Minnesota Emigration and ImmigrationEdit This Page
From FamilySearch Wiki
Emigration records list the names of people leaving an area, and immigration records list those coming into an area. The "United States Emigration and Immigration" section lists several important sources for finding information about immigrants. These nationwide sources include many references to people who settled in Minnesota. The Tracing Immigrant Origins article introduces the principles, search strategies, and additional record types you can use to identify an immigrant ancestor’s original hometown.
Pre-statehood residents of Minnesota were primarily American Indians and French and British immigrants. After 1858 settlers in Minnesota generally came from Maine, New Hampshire, Vermont, Pennsylvania, and New York. After 1860 thousands of immigrants came from Germany, Ireland, Norway, Sweden, Canada, and Denmark.
Minnesota has no ports of entry. Most immigrants to Minnesota arrived at a major eastern port such as New York (New York), Boston (Massachusetts), Philadelphia (Pennsylvania), or Quebec (Canada). Some Minnesota immigrants prior to 1855 entered through the port of New Orleans. The Family History Library has records for the ports of New York (New York), Boston (Massachusetts), and New Orleans (Louisiana) beginning about 1820. Philadelphia, Pennsylvania records start in 1800. See the United States Emigration and Immigration article for details. Quebec, Canada port records begin in 1865. Settlers generally followed the Great Lakes and the railroads to Illinois and Wisconsin, or they traveled up the Mississippi River. Steamboats and vessels traveling the lakes and rivers were not required to keep passenger lists.
Lists of persons coming from Canada to the United States were not recorded until 1895. Persons who crossed the border after that year might be listed in Soundex Index to Canadian Border Entries Through the St. Albans, Vermont District, 1895–1924, and other sources mentioned in the "Canada Emigration and Immigration" article. These and other border entry indexes and lists are also described in the Place Search of the Family History Library Catalog under:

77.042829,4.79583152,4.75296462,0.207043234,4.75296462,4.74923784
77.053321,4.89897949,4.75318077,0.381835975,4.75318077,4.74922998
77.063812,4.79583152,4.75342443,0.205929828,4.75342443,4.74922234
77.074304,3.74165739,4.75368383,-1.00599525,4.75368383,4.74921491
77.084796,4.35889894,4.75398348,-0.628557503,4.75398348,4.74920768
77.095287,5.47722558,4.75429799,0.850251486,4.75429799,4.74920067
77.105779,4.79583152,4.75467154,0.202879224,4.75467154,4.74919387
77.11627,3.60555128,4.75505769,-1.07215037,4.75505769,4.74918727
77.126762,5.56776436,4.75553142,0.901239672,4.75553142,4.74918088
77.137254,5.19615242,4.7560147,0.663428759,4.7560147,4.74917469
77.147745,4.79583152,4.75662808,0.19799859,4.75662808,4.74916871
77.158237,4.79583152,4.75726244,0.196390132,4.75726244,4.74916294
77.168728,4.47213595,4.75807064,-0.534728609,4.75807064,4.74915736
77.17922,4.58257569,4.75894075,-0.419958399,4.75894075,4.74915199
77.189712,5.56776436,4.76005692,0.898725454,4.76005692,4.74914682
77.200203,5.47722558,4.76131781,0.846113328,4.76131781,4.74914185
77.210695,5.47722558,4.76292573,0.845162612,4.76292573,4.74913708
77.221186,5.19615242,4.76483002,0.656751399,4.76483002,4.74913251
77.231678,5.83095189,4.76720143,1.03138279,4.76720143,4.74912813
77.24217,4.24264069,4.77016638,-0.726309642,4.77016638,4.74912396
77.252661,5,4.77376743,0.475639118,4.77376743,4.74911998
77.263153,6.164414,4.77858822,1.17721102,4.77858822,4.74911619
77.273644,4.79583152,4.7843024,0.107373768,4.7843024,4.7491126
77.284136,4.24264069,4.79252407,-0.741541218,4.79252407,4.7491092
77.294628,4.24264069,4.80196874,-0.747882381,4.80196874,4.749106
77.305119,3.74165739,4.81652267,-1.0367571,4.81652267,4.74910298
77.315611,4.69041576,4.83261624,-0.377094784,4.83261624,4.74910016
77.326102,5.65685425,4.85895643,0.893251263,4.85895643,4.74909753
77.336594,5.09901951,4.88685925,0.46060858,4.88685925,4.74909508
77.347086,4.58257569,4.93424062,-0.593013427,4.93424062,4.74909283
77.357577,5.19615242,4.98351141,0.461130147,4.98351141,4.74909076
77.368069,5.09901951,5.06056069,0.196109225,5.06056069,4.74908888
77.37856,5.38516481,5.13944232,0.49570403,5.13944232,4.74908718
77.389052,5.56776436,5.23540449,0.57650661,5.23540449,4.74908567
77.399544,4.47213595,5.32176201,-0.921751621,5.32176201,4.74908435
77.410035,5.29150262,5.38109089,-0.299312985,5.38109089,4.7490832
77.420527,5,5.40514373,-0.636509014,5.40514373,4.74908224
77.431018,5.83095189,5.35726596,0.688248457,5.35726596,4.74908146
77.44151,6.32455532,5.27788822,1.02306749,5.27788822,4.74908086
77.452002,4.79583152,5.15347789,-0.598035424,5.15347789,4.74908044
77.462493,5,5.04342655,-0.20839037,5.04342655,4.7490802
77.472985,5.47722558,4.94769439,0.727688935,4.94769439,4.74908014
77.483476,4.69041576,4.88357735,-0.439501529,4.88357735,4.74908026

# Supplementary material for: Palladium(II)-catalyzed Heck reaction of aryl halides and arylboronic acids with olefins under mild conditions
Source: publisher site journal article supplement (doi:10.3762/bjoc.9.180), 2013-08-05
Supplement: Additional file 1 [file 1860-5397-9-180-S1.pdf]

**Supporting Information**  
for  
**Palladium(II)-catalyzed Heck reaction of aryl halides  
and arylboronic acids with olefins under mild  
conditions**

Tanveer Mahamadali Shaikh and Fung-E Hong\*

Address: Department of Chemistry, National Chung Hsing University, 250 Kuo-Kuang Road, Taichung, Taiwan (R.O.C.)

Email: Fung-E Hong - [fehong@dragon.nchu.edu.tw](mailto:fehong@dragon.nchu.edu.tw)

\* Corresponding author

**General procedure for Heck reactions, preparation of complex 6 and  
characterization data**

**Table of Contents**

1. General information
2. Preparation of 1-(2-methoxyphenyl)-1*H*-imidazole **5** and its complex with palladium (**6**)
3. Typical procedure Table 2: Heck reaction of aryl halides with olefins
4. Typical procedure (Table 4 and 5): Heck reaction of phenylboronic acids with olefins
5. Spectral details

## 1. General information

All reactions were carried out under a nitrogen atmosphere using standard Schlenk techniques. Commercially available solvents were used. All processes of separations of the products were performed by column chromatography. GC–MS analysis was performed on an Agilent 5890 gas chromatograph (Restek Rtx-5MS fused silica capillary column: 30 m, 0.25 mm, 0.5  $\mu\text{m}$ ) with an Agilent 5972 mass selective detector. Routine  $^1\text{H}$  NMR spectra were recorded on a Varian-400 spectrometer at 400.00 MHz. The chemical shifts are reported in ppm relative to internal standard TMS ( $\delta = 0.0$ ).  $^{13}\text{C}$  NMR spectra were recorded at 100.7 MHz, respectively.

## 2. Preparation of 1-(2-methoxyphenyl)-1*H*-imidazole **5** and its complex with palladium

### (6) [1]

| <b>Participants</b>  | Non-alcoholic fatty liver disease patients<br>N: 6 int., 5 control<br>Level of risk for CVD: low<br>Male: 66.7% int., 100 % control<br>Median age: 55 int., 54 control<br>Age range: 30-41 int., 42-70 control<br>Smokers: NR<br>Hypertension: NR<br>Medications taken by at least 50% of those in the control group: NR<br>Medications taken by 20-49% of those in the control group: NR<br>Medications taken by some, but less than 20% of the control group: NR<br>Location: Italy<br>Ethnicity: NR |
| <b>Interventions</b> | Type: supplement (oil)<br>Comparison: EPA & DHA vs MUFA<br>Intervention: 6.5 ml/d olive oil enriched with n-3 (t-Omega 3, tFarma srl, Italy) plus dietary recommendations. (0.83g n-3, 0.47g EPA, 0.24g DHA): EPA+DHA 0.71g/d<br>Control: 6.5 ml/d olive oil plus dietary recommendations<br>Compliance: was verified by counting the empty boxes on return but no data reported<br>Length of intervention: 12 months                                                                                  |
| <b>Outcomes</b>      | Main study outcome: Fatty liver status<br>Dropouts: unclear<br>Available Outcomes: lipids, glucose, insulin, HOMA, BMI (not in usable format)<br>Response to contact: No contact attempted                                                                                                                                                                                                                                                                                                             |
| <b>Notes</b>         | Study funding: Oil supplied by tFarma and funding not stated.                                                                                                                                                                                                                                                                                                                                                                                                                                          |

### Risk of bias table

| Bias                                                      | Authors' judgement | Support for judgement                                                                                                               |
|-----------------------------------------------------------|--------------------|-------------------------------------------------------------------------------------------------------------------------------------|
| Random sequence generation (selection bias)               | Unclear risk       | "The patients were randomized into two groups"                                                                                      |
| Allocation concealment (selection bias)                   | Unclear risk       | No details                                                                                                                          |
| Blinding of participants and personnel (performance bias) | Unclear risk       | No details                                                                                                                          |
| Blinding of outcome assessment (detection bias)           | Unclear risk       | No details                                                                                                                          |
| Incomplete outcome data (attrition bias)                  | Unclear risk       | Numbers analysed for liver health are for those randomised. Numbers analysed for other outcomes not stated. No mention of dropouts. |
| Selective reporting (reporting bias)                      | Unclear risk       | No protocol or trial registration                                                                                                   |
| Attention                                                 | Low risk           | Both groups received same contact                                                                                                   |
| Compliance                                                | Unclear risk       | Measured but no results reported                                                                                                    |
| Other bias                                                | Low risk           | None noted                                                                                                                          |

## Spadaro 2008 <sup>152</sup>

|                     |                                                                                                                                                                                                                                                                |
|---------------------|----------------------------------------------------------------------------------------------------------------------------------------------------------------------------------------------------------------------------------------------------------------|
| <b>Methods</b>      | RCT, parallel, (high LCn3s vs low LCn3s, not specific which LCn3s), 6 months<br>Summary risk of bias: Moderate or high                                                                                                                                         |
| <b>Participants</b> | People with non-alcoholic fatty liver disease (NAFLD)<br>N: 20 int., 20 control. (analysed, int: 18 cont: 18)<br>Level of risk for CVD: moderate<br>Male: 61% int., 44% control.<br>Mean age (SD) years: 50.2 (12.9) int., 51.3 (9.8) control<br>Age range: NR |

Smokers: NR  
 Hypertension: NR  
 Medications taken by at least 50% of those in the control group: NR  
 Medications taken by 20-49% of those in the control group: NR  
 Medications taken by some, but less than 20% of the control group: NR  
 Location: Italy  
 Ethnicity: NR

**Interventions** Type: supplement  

CANADA – EMIGRATION AND IMMIGRATION
UNITED STATES – EMIGRATION AND IMMIGRATION
The Minnesota Historical Society has Alien Registration Records made in February 1918, listing most non-U.S. citizens in Minnesota. The indexes and records are on microfilm but are not at the Family History Library. The registration form gives name, place of birth (sometimes the town), port of entry, date of arrival, names of children, and occupation. Contact the Minnesota Historical Society Library at the address listed in the "Archives and Libraries" article for further information.
Information about immigrant groups from eastern and southern Europe is at the Immigration History Research Center described in the "Archives and Libraries" article.
To find books about migration in Minnesota, use a Place Search of the Family History Library Catalog under:
MINNESOTA – EMIGRATION AND IMMIGRATION
Records of major ethnic groups are also listed in the Place Search of the Family History Library Catalog under:
MINNESOTA – MINORITIES.
Minnesota Alien Registration Index - 1918
Content of the index information:
- City and county of residence
- Roll and frame number
The Minnesota Alien Registration of 1918 registered all foreign born individuals living in Minnesota and who had not yet become citizens. Registration was completed in all 87 Minnesota counties.
A 35-question form was required and much personal information can be found in the original registration.
The repository for these records is the Iron Range Research Center, a library and archive devoted to Minnesota research in Chisholm, Minnesota.
- When you enter information into the search box, the results will also include other databases on this site.
- Copies of the original alien registration document are $10 per search. Payment is preferred by Visa or Master Card through the website.